Ben Freeth has an extraordinary story to tell. Like that of many white farmers, his family’s land was “reclaimed” for redistribution by Mugabe’s governmeent.
But Ben’s family fought back. Appealing to international law, they instigated a suit against Mugabe’s government in the SADC, the Southern African equivalent of NATO. The case was deferred time and again while Mugabe’s men pulled strings. But after Freeth and his parents-in-law were abducted and beaten within inches of death in 2008, the SADC deemed any further delay to be an obstruction of justice. The case was heard, and was successful on all counts.
But the story doesn’t end there. In 2009 the family farm was burned to the ground. The fight for justice in Zimbabwe is far from over–this book is for anyone who wants to see into the heart of one of today’s hardest places and how human dignity flourishes even in the most adverse circumstances.
Read the press release for more: http://archive.
The PBS debut of Mugabe and the White African, the award-winning documentary of the same name, was on July 26. Watch now at PBS: http://www.pbs.org/pov/
About Ben Freeth
Ben Freeth, MBE, is a British-born Zimbabwean farmer. He has lived in Zimbabwe most of his life and is raising his three young children there, together with his wife Laura. Ben’s story has already been the subject of an award-winning documentary which won Best Documentary 2009 (British Independent Film Awards), was nominated for the BAFTA Outstanding Debut Film 2010, and shortlisted for an Oscar in 2010.
Why This Book Called To Me:
September 3, 2004 under the cover of darkness I sat in a jeep that edged over a dilapidated bridge, across “No Man’s Land” and over the Zambia-Zimbabwe border. Our procession of two vehicles was the last to cross the border before they closed until morning. For many tense moments we had stood in a run down building in front of a disinterested man as he checked our visas, shuffled papers and stretched his neck, all the while having one eye glued to the clock as the seconds ticked away. Once we crossed into Zimbabwe we all breathed a sigh of relief. But while we were breathing sighs of relief, others, perhaps not very far away, were breathing gasps of terror.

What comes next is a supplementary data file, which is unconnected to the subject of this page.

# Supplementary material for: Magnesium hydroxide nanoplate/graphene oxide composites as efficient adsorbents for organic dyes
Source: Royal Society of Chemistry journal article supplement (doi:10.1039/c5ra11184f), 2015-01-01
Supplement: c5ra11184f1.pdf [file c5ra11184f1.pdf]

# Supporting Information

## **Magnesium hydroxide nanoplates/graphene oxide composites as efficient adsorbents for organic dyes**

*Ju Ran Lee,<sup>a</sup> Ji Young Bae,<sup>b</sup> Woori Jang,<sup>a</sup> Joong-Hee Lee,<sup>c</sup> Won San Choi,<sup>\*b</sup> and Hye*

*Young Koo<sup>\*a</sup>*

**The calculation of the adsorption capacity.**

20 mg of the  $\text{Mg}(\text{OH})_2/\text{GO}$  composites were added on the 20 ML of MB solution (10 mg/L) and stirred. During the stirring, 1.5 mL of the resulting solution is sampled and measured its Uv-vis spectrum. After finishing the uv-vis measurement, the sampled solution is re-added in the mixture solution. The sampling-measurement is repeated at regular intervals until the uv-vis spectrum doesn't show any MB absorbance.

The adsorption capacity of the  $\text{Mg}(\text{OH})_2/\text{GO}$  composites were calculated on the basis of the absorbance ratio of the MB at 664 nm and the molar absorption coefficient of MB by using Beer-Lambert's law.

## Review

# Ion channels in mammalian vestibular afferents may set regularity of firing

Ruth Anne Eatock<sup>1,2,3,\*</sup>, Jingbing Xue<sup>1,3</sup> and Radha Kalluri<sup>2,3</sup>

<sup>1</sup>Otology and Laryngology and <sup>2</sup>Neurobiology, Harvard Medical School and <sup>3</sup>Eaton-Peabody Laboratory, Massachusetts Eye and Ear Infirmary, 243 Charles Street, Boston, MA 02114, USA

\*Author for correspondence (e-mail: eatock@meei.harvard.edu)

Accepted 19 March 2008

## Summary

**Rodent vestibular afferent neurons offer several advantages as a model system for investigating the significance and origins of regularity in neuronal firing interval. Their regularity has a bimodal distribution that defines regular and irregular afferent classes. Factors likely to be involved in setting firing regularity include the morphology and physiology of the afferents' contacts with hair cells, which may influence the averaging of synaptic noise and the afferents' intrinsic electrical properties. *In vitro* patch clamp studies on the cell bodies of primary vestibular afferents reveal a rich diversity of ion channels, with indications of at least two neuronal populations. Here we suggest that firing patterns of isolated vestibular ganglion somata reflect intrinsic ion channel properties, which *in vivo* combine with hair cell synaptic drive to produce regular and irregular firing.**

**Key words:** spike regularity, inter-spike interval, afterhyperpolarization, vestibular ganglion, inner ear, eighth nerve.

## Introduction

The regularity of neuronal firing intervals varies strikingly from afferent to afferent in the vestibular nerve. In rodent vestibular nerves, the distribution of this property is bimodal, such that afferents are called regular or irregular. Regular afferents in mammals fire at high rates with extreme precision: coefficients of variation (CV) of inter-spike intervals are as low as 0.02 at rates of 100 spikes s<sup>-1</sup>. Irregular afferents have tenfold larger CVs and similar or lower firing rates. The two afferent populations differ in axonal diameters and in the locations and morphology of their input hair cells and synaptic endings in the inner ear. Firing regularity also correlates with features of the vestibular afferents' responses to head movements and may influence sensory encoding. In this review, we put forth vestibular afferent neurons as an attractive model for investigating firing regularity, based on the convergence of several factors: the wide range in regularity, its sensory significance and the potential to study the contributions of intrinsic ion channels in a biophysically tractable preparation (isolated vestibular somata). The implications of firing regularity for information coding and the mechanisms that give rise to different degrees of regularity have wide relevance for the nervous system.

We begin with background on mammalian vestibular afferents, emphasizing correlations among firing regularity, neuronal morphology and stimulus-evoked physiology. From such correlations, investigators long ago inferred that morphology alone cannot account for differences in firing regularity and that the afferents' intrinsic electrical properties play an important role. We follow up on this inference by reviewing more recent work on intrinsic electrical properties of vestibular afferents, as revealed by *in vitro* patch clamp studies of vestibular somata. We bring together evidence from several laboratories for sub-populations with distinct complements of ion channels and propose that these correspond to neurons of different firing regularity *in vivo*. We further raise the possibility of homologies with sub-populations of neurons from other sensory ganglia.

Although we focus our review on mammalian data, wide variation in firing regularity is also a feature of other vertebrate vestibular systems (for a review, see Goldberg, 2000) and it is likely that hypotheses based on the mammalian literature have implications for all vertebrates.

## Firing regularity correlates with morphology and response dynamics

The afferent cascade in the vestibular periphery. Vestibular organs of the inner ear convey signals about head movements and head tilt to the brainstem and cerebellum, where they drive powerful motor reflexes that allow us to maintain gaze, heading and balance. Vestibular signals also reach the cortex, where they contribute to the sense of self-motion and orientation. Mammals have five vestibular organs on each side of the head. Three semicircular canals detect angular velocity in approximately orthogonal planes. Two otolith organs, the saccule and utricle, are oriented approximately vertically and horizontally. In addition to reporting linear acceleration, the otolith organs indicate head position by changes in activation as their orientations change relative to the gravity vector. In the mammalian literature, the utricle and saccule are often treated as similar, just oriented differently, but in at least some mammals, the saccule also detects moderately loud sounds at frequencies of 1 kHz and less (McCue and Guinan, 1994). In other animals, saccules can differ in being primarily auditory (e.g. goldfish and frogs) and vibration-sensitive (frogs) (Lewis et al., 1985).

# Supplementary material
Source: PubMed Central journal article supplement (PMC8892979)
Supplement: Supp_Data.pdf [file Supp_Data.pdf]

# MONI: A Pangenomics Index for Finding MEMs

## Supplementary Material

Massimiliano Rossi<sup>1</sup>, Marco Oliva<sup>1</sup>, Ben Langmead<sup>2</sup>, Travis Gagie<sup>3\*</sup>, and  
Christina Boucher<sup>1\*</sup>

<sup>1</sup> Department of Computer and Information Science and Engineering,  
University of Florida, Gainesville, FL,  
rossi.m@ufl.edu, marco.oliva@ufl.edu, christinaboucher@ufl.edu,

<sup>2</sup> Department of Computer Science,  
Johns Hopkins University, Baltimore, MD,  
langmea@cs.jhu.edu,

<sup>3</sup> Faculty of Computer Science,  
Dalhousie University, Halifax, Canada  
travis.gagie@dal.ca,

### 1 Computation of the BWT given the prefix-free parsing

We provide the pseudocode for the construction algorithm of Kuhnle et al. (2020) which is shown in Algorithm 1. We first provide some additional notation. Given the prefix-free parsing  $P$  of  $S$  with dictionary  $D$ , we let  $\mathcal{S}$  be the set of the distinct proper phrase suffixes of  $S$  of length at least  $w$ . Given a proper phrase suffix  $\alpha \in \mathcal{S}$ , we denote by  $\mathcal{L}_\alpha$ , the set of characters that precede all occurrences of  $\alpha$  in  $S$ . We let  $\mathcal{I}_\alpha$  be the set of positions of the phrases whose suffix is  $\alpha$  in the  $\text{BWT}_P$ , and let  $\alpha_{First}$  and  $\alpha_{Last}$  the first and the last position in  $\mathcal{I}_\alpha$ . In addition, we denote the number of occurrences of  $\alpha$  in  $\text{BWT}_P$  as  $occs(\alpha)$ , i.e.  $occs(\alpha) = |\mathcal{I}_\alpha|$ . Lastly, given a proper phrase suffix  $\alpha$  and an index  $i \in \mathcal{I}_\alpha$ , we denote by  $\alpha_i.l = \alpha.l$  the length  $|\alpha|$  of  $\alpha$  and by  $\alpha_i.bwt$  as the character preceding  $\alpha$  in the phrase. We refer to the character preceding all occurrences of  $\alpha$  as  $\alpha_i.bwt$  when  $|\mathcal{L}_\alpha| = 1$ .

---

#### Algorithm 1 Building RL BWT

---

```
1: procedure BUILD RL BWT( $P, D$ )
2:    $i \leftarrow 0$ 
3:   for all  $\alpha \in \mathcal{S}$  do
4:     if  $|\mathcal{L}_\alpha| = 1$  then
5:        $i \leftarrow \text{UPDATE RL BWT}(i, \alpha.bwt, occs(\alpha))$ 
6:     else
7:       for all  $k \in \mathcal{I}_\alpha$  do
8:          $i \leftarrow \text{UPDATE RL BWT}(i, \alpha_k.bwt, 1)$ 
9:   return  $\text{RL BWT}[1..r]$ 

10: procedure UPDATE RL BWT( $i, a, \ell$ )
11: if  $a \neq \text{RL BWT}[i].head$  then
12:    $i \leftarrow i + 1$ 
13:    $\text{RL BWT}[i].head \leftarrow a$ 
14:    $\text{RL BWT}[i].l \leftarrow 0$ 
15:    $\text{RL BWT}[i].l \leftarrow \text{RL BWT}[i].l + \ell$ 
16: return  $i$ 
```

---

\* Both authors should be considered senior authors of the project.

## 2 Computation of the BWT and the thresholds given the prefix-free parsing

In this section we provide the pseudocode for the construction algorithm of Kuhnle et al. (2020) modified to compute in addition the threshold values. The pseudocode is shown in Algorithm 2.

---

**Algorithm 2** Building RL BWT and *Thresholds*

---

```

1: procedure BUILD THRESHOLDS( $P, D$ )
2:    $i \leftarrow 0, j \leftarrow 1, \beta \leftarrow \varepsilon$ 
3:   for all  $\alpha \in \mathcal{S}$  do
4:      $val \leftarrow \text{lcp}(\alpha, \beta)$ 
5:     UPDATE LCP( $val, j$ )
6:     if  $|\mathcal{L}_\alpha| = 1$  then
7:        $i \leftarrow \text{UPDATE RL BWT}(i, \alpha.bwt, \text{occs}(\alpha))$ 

My politically naive 17 year old self did not fully comprehend at the time the undercurrents of terror that were coursing through Zimbabwe. I witnessed and experienced many things on that trip-most majestic and others traumatic-but it was not until I began university a year later that the complete picture began to unfold.
I had Africa in my blood. From the age of 13 I claimed that I would be a teacher and a missionary in Africa-I didn’t care where on the continent, I just knew it was something I had to do. When my parents went to Rwanda when I was 14 I cried for a week because I couldn’t go too. My parents knew that they could no longer delay the inevitable and allowed me (after much creative persuasion on my part) to accompany them on a missions trip to Zambia, Zimbabwe and Botswana the summer I turned 17. That trip forever changed my life and solidified my love affair with Africa. I had not be born in the land but I had the land birthed in me the moment my feet hit tarmac in Lusaka. Consequently, when I began university as a history major, I took every course I could on African history, politics, and sociology. And it was then that I was introduced to the full evil of Mugabe’s regime.
To call this book a biography or memoir would fall short, for what it is is a spotlight: a spotlight on Mugabe, his associates, their vile acts, their crimes against Zimbabweans and humanity, and the courageous men and women who dared to stand for truth and justice.
Ben’s narrative is raw in emotion, stirring in description, and grievous in facts. His recounting resonates with passion and conviction, making his pain and suffering all the more palpable. The terrorizing of white farmers was no match for the God given strength Ben and his family leaned on to stand firm in their convictions and defence. Their faith was unshakable while staring in the face of evil, even when it appeared as if the ultimate price for their resolution would be their lives. In spite of the harrowing testimony between the covers of this page, Ben leaves us with a message of hope; hope that it is never too late to heal Zimbabwe and her people and to restore justice to a broken land.
**review copy provided by Litfuse**